The DoD is facing the same issues as its private sector counterparts with unsustainable growth in healthcare spending, which is now estimated to be well over $43B in 2008. A key contributor to that growth has been medications, growing from $1.6B in 2000 to $6.2B in 2006.
Earlier this year, the US Dept. of Defense (DoD) stated that it was looking into new ways to insure that the 9.1M healthcare beneficiaries in TRICARE would have access to their records to encourage self-management. Quoting S. Ward Casscells, Asst. Secretary of Defense for Health Affairs in an interview from Feb. 2008:
In the coming year, we will offer even greater integration with the VA, as we near a decision on development of a joint inpatient health record. In addition to our medical staff and technicians, in 2008 we will introduce greater tools for our patients, so they can become even better managers of their own health. The better informed our patients are, the better off they will be.
Earlier this week, word got out that the DoD would announce agreements in December with both Google and Microsoft in support of medical record portability. We contacted both Microsoft and Google, both unwilling to discuss the details at this time, but did confirm that December is the likely date of a formal announcement.
We predict a similar arrangement to what Beth Israel Deaconess (BIDMC) has done: Basically allowing the record owner (TRICARE beneficiary) to export their medical records to either Google Health or Microsoft HealthVault.
The DoD has devoted a significant amount of resources to HealtheVet, a PHR developed by Veterans Affairs that has seen good adoption, currently claiming over 650,000 users today. The planned agreements do raise a couple of interesting question regarding HealtheVet:
First, with the Google and Microsoft partnerships will the DoD pull-back support for HealtheVet?
Secondly, if HealtheVet is maintained (likely) and enhanced (questionable) how will HealtheVet inter-operate with either of these platforms?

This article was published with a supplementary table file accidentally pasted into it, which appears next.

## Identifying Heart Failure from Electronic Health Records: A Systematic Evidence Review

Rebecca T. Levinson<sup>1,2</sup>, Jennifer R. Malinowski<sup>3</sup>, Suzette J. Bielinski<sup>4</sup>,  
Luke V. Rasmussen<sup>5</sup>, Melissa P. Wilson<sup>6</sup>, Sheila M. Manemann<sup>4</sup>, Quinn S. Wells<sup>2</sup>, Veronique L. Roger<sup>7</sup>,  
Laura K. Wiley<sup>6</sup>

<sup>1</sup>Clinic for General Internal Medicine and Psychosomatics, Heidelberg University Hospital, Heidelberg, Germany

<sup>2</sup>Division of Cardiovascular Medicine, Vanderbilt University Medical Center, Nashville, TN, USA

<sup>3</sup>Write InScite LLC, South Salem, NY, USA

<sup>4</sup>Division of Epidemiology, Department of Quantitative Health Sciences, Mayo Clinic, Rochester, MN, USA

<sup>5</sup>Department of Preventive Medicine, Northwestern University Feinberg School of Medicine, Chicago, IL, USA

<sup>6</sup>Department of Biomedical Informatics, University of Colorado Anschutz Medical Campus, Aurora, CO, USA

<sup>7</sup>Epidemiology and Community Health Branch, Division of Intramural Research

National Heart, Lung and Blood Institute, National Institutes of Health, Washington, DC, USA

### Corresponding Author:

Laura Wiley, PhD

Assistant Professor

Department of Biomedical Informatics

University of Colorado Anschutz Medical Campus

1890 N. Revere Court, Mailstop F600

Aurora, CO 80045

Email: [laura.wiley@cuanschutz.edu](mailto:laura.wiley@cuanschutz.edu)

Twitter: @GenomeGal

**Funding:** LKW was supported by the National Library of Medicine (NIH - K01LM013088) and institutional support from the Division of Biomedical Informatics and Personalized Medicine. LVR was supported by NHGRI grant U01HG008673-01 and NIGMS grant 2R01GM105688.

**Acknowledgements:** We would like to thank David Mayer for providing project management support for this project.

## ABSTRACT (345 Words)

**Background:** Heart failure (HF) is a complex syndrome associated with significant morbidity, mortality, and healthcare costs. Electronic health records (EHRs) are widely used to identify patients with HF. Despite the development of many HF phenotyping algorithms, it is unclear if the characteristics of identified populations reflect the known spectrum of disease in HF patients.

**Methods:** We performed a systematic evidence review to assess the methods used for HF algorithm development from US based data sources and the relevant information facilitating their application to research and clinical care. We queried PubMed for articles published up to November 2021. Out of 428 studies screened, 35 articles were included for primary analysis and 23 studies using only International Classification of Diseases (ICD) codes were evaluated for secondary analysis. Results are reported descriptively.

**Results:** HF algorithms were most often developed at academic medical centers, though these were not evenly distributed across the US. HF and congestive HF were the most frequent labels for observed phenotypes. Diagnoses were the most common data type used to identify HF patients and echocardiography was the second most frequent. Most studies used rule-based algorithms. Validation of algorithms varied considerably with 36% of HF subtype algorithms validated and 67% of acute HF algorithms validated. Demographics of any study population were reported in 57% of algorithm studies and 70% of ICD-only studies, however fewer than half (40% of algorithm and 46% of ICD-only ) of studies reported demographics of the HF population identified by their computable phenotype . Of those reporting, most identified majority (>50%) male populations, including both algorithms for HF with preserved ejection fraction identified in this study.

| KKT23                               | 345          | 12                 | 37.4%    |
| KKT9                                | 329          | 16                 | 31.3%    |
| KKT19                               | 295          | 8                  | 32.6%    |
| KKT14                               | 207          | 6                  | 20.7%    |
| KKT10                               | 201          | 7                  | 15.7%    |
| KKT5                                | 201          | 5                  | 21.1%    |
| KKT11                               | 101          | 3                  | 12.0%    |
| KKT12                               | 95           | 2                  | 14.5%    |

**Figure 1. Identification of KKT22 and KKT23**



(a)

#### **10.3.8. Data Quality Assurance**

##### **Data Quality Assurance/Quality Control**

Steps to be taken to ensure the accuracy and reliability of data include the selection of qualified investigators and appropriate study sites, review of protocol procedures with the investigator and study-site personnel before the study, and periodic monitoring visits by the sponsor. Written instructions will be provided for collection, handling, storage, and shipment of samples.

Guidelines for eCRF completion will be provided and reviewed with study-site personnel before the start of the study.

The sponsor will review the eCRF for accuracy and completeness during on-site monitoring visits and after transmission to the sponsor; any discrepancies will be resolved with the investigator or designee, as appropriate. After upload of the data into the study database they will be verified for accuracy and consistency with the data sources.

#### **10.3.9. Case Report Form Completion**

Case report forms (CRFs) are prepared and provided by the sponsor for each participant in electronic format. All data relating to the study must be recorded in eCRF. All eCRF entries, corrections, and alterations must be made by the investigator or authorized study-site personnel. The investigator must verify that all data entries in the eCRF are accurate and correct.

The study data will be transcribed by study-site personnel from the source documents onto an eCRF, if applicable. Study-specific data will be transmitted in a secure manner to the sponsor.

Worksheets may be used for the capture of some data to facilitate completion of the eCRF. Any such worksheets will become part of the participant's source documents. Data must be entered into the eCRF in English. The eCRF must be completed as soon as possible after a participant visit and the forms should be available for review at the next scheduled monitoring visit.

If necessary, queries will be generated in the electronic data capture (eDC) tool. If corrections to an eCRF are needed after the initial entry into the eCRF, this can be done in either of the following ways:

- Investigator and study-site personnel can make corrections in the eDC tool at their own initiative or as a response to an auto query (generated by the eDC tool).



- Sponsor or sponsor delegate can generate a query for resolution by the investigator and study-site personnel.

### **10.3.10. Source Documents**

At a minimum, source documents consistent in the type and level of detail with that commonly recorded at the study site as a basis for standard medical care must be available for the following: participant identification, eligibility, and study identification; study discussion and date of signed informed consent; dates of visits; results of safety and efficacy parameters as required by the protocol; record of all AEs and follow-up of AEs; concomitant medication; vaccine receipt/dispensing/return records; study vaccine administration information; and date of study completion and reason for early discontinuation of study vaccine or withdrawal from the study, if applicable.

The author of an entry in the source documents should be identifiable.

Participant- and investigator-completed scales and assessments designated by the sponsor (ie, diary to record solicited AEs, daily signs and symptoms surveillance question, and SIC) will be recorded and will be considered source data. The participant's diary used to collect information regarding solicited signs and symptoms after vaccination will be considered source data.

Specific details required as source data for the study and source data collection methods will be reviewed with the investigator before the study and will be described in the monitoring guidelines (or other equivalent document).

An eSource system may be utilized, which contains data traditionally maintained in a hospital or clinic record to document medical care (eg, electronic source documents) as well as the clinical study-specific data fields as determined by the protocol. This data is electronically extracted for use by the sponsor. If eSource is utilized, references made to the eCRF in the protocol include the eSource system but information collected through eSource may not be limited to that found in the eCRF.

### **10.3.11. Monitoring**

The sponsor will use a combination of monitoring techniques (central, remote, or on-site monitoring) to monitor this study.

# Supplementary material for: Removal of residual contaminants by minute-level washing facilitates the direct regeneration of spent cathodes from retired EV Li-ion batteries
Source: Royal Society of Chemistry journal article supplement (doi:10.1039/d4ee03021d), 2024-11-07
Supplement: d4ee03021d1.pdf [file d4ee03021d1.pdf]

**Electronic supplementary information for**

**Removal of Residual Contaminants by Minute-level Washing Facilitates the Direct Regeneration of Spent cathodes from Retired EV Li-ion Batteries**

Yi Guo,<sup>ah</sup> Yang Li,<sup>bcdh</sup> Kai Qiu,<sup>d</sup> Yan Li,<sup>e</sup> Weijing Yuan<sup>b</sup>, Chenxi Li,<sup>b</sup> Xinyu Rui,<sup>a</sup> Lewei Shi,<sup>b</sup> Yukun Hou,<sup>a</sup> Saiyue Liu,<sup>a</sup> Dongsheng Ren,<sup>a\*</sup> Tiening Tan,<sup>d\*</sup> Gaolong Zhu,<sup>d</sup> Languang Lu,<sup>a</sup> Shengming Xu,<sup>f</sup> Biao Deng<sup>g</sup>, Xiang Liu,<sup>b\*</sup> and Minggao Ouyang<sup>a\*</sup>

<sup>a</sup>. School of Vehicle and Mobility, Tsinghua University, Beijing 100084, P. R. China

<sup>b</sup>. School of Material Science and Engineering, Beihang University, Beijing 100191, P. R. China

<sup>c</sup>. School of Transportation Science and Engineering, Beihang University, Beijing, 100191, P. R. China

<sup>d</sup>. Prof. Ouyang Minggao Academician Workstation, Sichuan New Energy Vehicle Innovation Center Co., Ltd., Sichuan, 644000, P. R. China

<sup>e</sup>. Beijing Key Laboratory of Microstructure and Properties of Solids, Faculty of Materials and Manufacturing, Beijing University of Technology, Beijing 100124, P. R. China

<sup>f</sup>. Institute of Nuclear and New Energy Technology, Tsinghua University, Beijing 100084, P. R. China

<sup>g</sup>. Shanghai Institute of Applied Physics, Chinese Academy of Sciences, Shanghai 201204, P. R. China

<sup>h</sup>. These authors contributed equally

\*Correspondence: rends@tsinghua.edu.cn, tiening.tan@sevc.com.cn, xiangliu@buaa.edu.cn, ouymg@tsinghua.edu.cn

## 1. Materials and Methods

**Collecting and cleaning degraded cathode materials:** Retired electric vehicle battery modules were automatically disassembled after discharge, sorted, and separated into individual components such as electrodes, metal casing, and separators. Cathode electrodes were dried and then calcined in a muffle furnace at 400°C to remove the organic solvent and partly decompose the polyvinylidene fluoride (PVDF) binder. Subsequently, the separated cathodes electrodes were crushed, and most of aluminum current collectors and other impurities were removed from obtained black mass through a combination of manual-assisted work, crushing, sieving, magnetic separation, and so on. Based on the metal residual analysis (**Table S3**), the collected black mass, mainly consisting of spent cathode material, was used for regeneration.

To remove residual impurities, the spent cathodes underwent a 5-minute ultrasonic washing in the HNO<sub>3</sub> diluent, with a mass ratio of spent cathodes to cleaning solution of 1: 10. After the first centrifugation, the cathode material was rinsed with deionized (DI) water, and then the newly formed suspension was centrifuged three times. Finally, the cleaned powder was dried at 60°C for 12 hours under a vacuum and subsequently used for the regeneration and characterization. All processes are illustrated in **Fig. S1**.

But HealtheVet addresses only a small portion of all TRICARE beneficiaries, Vets, leaving a much larger number of beneficiaries, including active military personnel, their families and families of deceased, without such tools to manage their care. Looking at a recent “Healthy Debate” that Asst. Sec Casscells put forward regarding PHRs, it is clear from the comments that there is strong interest in a PHR among both beneficiaries and physicians.
Beneficiaries: A military lifestyle is one with frequent moves around the country and occasionally overseas. Coupling these moves with a fragmented care delivery system (TRICARE) makes it extremely difficult to maintain a longitudinal and complete record. Using a consumer-directed health record platform will go along ways towards rectifying that problem. Being a military brat myself, I have no idea where my childhood records are, nor do my parents and I did have a serious, long-term illness, Lyme’s Disease, as a child.
Physicians: Based on the comments I read, physicians see two benefits. First, the ability to see complete record. Second, the opportunity minimize use what sounds to be a horrible EMR, AHLTA.
Pretty clear opportunity here for Google and Microsoft to further substantiate their nascent health initiatives and more importantly, a potentially hugh opportunity for their independent software vendor (ISV) partners as 9.1M potential users is one hell of a lot of potential customers. If the 3% number is accurate (oft-quoted estimate of PHR adoption nationwide today), than this 9.1M represents a doubling of the market. Of course, not all 9.1M will sign-up, but even a modest, and obtainable 30% is a tremendous boost to the market, representing ~25% growth over where we are today.
Now the big questions are: How fast will DoD move (most likely faster than their CMS counterparts) to expand this to all TRICARE beneficiaries and of course, how many of those beneficiaries ultimately move their records to Google Health or Microsoft HealthVault?